Palliative care services can also be a differentiating factor in the market, positioning the practice as a leader in palliative medicine. Physicians benefit, as well, because they can focus more on treating the patient’s disease rather than managing symptoms.

Study findings show that palliative medicine reduces the cost of care. The most recent study to add to this growing body of evidence measured the total cost of care (TCOC) for patients with cancer who received less than 3 days of hospice care at the end of life compared with those who received 3 days or more.5 The study, conducted by researchers across The US Oncology Network, analyzed 7329 deaths that occurred with patient who had Medicare and were enrolled in the OCM who died while under the care of practices in the network. The results reinforce previous studies regarding TCOC in the last 30 days of life, finding that dying in the hospital cost twice as much as dying at home under hospice care ($20,113 vs $10,803).5

Palliative care enhances survivorship by iberating patients from suffering, providing a better QOL, and allowing more access to an oncologist. Unfortunately, there is an ongoing misunderstanding of what palliative care is and when patients should start receiving these services. Because many think it pertains only to the very end of life, it is essential to educate providers and patients about the benefits of early intervention.

Ideally, a connection with a palliative care specialist should occur at the time of diagnosis so that the road to survivorship is as smooth as possible. Today there is a greater awareness of the value of these services in oncology, and the need is growing. Changing paradigms in delivery reimbursement and virtual technology are leading to increased access, enabling many more patients to have the best possible experience during their cancer journey.

Establishing Best Practices

Ideally, cancer centers have an in-house (embedded) program. At a minimum, their interdisciplinary palliative care team should include a dedicated physician, nurse, and social worker. Other key specialists include dietitians, chaplains, counselors, pharmacists, rehabilitation specialists, and physical therapists. Offering these services in-house is ideal for patients because it provides better communication, continuity of care, and focused mission.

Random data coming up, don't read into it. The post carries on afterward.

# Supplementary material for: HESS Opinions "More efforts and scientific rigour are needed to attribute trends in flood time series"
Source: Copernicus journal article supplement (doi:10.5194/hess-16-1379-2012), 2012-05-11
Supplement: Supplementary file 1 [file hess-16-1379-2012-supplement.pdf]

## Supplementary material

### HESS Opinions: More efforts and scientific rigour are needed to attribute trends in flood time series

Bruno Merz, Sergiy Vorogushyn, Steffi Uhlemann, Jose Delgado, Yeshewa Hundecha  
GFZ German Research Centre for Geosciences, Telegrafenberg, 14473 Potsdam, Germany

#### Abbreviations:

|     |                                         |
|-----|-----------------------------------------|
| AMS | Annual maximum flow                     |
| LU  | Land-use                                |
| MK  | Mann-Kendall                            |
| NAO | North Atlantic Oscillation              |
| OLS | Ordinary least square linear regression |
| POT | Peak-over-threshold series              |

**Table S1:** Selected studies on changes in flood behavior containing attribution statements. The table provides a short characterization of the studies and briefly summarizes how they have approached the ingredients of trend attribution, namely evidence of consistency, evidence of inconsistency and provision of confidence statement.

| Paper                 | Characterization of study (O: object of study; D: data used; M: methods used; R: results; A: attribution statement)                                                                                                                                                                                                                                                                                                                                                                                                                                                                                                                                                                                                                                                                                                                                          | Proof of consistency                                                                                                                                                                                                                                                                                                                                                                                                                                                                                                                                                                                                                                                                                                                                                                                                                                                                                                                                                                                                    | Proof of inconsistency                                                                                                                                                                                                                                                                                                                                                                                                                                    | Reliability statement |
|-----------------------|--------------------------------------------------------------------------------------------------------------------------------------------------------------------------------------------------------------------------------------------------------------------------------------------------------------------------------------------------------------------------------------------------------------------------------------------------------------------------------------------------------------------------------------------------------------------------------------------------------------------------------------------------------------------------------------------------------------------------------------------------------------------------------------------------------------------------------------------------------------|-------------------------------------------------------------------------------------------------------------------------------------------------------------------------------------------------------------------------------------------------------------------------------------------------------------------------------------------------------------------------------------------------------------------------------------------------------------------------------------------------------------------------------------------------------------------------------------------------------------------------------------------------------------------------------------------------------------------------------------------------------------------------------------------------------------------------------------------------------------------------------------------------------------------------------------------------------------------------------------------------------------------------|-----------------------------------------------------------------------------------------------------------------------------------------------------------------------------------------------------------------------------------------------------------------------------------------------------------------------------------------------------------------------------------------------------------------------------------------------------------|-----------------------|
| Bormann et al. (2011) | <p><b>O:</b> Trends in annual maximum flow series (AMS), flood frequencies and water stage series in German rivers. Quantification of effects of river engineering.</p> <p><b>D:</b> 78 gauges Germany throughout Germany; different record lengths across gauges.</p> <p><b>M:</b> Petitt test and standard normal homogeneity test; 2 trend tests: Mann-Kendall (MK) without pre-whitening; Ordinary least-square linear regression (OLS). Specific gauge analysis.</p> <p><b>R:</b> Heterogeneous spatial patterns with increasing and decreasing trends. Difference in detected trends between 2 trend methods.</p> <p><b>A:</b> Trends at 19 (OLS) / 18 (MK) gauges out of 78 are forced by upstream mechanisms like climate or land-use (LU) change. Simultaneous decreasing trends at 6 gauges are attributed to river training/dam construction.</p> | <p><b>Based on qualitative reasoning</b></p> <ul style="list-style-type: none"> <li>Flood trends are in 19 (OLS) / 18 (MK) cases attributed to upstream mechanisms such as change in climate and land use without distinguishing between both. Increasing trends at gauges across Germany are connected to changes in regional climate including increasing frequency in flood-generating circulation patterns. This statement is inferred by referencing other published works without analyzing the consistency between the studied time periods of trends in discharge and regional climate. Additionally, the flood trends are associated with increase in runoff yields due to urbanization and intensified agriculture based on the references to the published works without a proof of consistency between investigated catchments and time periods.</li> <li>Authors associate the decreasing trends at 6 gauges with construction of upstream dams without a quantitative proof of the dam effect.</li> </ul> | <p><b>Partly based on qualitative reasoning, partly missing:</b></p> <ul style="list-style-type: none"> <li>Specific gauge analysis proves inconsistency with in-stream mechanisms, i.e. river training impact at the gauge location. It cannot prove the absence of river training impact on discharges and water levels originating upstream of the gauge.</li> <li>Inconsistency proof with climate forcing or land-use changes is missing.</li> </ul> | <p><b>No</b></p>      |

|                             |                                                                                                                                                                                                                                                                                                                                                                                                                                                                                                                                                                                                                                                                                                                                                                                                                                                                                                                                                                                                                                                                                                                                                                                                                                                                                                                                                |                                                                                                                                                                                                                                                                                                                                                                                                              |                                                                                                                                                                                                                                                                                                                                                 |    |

In-house providers can access palliative care specialists practically anywhere via virtual technology. These specialists can provide actual supportive care services, as well as guidance and mentorship. Some practices in the network with numerous sites have plans underway to use technology to bring palliative care to their locations that do not have access to these resources. This approach is also viable for small or medium centers with limited funding. Expensive diagnostic video equipment is not necessary for a high-quality encounter.

Another option is to partner with other palliative medicine specialists. In most communities, cancer centers can partner with palliative medicine specialists and organizations to provide seamless palliative care services. Hospice is always a good choice, offering skilled specialists who can provide these services in addition to traditional hospice care. Academic institutions make good partners because they have vast resources, enabling them to offer a wide range of services. Many hospital systems also provide these services, as do some insurance companies.